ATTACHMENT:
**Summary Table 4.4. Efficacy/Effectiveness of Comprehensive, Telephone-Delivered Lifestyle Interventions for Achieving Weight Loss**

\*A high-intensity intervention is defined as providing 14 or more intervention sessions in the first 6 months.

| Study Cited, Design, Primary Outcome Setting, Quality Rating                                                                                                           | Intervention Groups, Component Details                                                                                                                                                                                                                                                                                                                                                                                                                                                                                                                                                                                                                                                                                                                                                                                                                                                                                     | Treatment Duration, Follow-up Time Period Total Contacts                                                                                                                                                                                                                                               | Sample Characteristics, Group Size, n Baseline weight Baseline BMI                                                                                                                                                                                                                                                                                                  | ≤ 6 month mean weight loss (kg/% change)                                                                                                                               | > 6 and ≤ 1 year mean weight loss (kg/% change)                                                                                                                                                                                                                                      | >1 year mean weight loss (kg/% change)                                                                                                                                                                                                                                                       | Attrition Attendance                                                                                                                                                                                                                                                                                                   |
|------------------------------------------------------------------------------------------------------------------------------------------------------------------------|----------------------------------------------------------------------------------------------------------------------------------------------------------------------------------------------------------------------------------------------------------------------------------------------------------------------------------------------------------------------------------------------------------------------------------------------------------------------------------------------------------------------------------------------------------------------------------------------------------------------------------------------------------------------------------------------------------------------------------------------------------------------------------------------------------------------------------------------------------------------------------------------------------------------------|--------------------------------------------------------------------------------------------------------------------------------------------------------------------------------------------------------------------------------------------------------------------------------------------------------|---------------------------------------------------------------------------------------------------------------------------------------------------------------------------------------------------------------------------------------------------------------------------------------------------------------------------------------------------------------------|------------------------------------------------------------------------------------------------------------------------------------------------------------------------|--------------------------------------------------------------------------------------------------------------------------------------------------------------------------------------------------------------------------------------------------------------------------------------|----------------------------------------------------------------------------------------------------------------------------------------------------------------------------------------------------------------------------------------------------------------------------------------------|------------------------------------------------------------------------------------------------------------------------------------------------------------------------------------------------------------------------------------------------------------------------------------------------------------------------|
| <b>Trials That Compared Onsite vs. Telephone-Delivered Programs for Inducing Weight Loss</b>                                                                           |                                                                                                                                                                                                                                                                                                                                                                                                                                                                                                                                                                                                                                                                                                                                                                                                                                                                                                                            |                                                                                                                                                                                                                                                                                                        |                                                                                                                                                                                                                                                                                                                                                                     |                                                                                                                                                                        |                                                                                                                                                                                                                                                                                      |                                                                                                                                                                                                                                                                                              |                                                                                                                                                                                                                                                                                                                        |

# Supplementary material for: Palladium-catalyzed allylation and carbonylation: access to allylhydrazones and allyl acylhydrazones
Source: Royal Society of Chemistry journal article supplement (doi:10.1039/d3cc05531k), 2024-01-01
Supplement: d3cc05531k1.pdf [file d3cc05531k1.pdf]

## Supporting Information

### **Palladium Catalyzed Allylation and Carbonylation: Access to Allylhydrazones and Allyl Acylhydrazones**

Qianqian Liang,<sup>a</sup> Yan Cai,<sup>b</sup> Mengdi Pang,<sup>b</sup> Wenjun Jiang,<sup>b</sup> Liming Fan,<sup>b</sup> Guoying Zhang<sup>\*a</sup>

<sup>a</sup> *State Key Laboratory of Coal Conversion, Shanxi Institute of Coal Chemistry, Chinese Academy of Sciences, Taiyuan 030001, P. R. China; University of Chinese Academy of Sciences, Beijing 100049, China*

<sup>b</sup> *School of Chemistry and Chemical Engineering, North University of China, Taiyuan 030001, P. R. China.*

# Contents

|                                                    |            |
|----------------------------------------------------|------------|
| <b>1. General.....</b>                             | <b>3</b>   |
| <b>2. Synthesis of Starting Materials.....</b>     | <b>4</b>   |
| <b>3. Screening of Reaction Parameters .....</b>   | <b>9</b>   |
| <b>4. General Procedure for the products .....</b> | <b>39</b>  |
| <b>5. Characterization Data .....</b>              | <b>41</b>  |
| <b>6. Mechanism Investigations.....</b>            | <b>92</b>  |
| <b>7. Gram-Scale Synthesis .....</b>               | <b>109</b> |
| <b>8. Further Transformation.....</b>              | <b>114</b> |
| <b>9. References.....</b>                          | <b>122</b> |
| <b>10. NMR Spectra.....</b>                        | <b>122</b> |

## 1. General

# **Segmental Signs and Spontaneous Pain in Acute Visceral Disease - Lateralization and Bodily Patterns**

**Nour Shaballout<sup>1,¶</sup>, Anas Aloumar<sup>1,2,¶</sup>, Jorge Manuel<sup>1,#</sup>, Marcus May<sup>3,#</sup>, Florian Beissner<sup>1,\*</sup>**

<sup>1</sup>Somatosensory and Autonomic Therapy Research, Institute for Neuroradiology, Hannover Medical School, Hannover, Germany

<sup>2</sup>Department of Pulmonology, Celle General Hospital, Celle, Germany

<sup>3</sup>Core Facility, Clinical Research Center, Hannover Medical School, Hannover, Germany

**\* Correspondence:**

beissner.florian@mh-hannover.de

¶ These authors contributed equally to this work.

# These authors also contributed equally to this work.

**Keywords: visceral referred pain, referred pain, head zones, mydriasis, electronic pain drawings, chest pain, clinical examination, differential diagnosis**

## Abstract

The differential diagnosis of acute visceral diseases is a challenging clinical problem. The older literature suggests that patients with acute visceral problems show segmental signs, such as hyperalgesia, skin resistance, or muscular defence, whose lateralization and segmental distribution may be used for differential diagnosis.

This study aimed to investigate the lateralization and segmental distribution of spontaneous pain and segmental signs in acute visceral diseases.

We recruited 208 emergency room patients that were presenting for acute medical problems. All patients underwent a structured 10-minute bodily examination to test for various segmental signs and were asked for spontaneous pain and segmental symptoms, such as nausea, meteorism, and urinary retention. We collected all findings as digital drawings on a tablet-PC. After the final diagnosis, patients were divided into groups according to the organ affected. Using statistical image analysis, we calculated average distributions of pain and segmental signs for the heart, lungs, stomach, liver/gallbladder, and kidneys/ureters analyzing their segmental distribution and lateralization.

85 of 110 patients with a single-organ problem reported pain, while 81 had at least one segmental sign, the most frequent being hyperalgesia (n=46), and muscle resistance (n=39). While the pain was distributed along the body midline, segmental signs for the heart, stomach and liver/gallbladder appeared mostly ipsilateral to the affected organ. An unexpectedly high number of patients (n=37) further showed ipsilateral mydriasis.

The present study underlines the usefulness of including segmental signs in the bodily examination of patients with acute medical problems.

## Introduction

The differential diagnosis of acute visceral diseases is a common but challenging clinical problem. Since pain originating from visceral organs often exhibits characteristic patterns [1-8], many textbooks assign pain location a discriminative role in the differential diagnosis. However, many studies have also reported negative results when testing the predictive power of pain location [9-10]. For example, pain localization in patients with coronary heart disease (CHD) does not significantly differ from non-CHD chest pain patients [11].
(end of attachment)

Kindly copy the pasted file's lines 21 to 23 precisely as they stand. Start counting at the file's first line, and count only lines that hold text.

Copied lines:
| <b>5. Characterization Data .....</b>              | <b>41</b>  |
| <b>6. Mechanism Investigations.....</b>            | <b>92</b>  |
| <b>7. Gram-Scale Synthesis .....</b>               | <b>109</b> |